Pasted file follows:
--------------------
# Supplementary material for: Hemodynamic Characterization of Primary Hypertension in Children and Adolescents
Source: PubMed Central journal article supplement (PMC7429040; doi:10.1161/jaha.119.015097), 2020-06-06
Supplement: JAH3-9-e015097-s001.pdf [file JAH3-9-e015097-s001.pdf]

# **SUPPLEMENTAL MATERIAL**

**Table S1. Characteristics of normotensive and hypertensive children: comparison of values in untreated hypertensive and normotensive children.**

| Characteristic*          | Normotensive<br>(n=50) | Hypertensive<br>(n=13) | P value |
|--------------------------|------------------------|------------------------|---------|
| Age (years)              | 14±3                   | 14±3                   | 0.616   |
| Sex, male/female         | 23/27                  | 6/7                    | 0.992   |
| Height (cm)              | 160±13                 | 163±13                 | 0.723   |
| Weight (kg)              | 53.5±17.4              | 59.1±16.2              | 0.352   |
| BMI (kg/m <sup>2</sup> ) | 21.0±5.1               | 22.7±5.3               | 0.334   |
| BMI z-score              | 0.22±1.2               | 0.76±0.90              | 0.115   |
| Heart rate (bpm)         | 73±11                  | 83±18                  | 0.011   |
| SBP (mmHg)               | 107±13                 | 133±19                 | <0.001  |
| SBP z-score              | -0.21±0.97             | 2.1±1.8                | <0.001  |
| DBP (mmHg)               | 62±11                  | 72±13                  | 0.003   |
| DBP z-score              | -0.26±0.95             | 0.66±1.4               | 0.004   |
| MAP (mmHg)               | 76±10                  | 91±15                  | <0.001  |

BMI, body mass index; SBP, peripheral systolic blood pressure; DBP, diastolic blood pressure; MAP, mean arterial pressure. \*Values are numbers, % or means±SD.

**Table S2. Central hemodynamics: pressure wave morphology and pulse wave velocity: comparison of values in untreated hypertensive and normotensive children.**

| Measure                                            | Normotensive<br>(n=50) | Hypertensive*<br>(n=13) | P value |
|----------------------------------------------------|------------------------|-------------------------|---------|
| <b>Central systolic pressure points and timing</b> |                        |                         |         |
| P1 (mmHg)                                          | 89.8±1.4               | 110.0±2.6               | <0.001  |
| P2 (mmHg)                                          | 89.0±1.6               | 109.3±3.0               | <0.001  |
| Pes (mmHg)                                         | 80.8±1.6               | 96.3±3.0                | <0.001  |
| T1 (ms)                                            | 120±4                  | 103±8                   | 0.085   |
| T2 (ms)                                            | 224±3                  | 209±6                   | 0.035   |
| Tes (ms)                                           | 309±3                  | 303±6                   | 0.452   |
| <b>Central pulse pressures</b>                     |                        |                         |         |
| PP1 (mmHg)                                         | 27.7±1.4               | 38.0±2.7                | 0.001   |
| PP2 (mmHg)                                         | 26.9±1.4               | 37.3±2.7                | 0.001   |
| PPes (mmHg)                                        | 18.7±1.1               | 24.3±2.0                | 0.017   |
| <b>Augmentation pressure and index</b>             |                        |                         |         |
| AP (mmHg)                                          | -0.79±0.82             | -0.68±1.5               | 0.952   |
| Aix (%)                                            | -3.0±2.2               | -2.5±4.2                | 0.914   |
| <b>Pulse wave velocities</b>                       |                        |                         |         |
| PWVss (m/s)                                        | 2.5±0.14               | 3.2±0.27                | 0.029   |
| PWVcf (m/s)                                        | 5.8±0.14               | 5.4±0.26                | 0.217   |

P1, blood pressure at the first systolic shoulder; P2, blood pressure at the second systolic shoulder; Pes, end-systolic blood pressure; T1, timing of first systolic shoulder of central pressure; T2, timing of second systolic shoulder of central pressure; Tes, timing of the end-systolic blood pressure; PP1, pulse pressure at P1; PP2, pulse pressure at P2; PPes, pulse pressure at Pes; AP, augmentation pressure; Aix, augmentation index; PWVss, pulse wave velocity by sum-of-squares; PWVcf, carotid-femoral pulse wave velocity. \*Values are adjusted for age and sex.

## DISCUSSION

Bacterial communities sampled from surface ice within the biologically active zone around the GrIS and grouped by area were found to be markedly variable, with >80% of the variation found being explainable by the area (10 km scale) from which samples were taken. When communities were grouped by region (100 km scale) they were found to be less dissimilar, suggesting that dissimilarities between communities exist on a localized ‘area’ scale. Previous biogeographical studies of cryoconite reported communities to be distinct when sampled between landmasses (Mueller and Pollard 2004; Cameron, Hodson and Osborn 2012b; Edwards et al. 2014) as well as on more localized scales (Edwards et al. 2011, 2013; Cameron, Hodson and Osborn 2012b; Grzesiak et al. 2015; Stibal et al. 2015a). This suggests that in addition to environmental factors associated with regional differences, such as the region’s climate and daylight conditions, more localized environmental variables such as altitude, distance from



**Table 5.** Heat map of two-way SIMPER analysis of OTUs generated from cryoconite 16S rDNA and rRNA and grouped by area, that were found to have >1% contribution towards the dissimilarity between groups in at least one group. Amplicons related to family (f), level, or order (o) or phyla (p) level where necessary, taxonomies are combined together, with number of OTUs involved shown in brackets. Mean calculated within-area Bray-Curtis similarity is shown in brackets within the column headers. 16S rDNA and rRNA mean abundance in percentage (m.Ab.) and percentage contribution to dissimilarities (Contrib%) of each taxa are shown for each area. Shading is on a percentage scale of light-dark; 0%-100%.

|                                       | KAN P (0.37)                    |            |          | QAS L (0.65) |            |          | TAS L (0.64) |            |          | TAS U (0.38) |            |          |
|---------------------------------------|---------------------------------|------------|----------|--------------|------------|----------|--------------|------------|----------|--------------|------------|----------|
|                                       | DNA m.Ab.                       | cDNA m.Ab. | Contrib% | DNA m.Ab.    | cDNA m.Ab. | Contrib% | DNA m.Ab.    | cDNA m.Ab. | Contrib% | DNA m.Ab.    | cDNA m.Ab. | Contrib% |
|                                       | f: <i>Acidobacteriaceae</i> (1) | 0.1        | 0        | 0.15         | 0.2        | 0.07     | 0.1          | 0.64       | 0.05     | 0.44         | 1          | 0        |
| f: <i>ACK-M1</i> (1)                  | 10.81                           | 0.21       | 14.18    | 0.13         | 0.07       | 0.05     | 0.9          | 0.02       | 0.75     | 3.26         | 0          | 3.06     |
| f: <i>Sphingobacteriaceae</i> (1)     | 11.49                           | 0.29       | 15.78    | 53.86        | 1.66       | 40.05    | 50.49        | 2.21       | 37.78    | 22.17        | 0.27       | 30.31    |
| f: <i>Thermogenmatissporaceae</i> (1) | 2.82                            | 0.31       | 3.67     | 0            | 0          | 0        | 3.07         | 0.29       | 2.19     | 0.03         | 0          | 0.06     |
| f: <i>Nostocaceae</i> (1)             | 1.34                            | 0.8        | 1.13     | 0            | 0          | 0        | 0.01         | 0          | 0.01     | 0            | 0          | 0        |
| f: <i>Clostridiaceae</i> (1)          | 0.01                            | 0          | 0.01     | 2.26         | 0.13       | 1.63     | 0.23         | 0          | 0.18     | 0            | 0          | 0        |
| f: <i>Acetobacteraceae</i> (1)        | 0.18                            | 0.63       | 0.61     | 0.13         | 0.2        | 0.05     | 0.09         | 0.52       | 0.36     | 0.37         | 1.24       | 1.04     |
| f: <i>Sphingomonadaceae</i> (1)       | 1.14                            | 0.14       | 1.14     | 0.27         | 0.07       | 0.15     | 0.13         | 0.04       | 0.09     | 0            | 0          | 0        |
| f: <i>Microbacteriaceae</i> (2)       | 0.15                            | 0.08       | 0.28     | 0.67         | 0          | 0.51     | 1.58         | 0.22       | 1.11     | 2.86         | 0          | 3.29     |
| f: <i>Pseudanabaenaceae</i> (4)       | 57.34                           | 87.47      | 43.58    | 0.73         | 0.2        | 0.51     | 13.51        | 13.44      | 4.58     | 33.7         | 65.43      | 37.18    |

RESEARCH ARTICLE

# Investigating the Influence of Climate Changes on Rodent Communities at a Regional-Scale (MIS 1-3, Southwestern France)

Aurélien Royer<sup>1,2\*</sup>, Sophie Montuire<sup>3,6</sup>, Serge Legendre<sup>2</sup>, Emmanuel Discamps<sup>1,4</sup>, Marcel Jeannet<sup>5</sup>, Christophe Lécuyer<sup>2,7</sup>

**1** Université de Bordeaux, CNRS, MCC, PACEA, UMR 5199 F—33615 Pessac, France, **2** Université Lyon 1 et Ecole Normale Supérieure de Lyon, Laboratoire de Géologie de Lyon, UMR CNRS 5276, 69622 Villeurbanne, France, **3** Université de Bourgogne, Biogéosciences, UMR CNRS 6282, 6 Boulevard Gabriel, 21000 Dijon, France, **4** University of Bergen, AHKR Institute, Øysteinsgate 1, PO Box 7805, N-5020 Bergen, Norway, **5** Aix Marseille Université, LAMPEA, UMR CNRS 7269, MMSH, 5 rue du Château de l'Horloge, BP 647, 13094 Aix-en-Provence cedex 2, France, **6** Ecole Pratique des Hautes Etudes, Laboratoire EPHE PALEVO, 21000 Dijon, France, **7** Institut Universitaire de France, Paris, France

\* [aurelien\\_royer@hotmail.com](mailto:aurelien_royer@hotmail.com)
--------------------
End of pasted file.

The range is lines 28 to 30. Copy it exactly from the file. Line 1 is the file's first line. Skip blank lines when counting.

| T1 (ms)                                            | 120±4                  | 103±8                   | 0.085   |
| T2 (ms)                                            | 224±3                  | 209±6                   | 0.035   |
| Tes (ms)                                           | 309±3                  | 303±6                   | 0.452   |